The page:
Save the Boobies!
As a lesbian, I have a pretty good appreciation for breasts, what I don’t appreciate though, is the crop of breast cancer fundraisers that always seem to happen at this time of year which focus more on saving boobies than saving lives. Breast cancer is not a sexy illness and we shouldn’t care about ending it because it affects sexy parts, but because it affects real people.
But breast cancer must be sexy, or else why would we lavish more attention on it than on heart disease (which kills 8 times more women), stroke (which kills more than twice as many women) or any number of illnesses and diseases which pose a far more serious threat to women’s lives? As Suzanne Reisman says:
The sick truth is that breast cancer is a sexy illness to exploit for fun and profit. Do women want to look at pictures of fatty hearts and clogged arteries when they shop for soup, yogurt, make-up, umbrellas, BMWs, Cartier watches, gym shoes, umbrellas or any other of the many fine products that donate during October to breast cancer causes if you buy it? Does anyone? Not so much. Is it easy to fit “Help fight chronic obstructive pulmonary disease, the #3 illness killing women every year” into a marketing campaign? Not so much. However, the words “breast” and “cancer” sure catch the eye quickly, especially when marketers can add a curvy silhouette next to it. (Subliminal message: “Don’t let hot women die!”)
Breast cancer is a marketing ploy, allowing companies to rake in profits while making you feel good about buying the chocolate bar with the pink ribbon on it. From I Blame The Patriarchy:
Corporations secure, with impunity, free publicity and a means to expand their market share via enlogoed “awareness” campaigns. Politicians support virtually unopposable “bipartisan” breast cancer funding initiatives as directed by behemoths like the massively influential and reactionary Komen Foundation and come out smelling like a rose. The rank and file, conditioned by now to believe that there’s no problem shopping can’t solve, are invited to feel virtuous and altruistic whenever they buy a Yoplait yogurt or a pink KitchenAid mixer.
What exactly does awareness do? The money from these sales often goes to bigger, better, breast cancer awareness campaigns, and a search for a cure, rather than prevention. If we got rid of breast cancer all together (by learning what causes it and stopping it before it occurred) there would be no money to be made! Better focus efforts on post hoc solutions and make feel-good ads about survivorship, valourizing the women who learned so much from their experiences with cancer (never mind the ones who didn’t make it).
In the book Pink Ribbons Inc:
Samantha King traces how breast cancer has been transformed from a stigmatized disease and individual tragedy to a market-driven industry of survivorship. In an unprecedented outpouring of philanthropy, corporations turn their formidable promotion machines on the curing of the disease while dwarfing public health prevention efforts and stifling the calls for investigation into why and how breast cancer affects such a vast number of people.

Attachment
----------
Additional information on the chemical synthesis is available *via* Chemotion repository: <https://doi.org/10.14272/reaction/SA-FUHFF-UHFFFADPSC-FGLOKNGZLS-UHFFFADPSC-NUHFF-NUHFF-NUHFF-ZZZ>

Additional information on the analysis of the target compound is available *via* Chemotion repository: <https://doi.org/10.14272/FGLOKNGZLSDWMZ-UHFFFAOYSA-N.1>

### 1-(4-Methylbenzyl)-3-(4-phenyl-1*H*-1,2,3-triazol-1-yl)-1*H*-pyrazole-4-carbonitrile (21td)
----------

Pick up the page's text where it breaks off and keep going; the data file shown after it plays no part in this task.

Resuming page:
So to the group who is sponsoring the “Babes for Boobies” event at my university: I know that you have the best of intentions, but you need to be a bit more critical about whose interests you are really serving, here. You are sexualizing a terrible disease, obfuscating the fact that men get breast cancer too, perpetuating the idea that the victims of breast cancer are breasts, and urging people to feel like they are doing something by buying consumer goods. As said on I Blame the Patriarchy:
If you were to ask any space alien—who happened to be dropping by on its way to the Delta Quadrant—about breast cancer, it would undoubtedly tell you that, according to its personal observations, the primary symptom of the disease is a dramatically increased propensity to sprout pink teddy bears, pink visors, and pink rhinestone jewelry. Of course you and I know that infantilizing misogynist teddybear rhinestone pinkness, cancer-o-normative though it may seem, is actually just one of the most successful campaigns in the history of marketing gimmicks. Thanks to unprecedented support in terms of cash and selfless volunterrorism, breast cancer is currently the most popular disease in America.
One more link – if you care about this at all, please read Barbara Ehrenreich’s talk on the culture of breast cancer:
How to define breast cancer culture?
It’s very pink and femme and frilly – all about pink ribbons, pink rhinestone pins, pink t-shirts and of course a lot about cosmetics. The American Cancer Society offers a program called “Look Good…Feel Better” which gives out free cosmetics to women undergoing breast cancer treatment. The Libby Ross Foundation gives breast cancer patients a free tote bag containing Estee Lauder body crème, a pink satin pillowcase, a set of Japanese cosmetics, and 2 rhinestone bracelets. And no one, so far as I could determine, was complaining about the strange idea that you can fight a potentially fatal disease with eyeliner and blush. […]
To me, the most disturbing product, though, was the breast cancer teddy bears. […] Now I don’t own a teddy bear—haven’t had much use for one in 50 years. Why would anyone assume that, faced with the most serious medical challenge of my life, I would need one now? And that wasn’t all: The Libby Ross tote bag that I just mentioned also contained a package of crayons—something else I haven’t needed in many a decade. I began to get the feeling that this breast cancer culture is not only about being pretty and femme—it’s also about regressing back to being a little girl—a very good little girl in fact.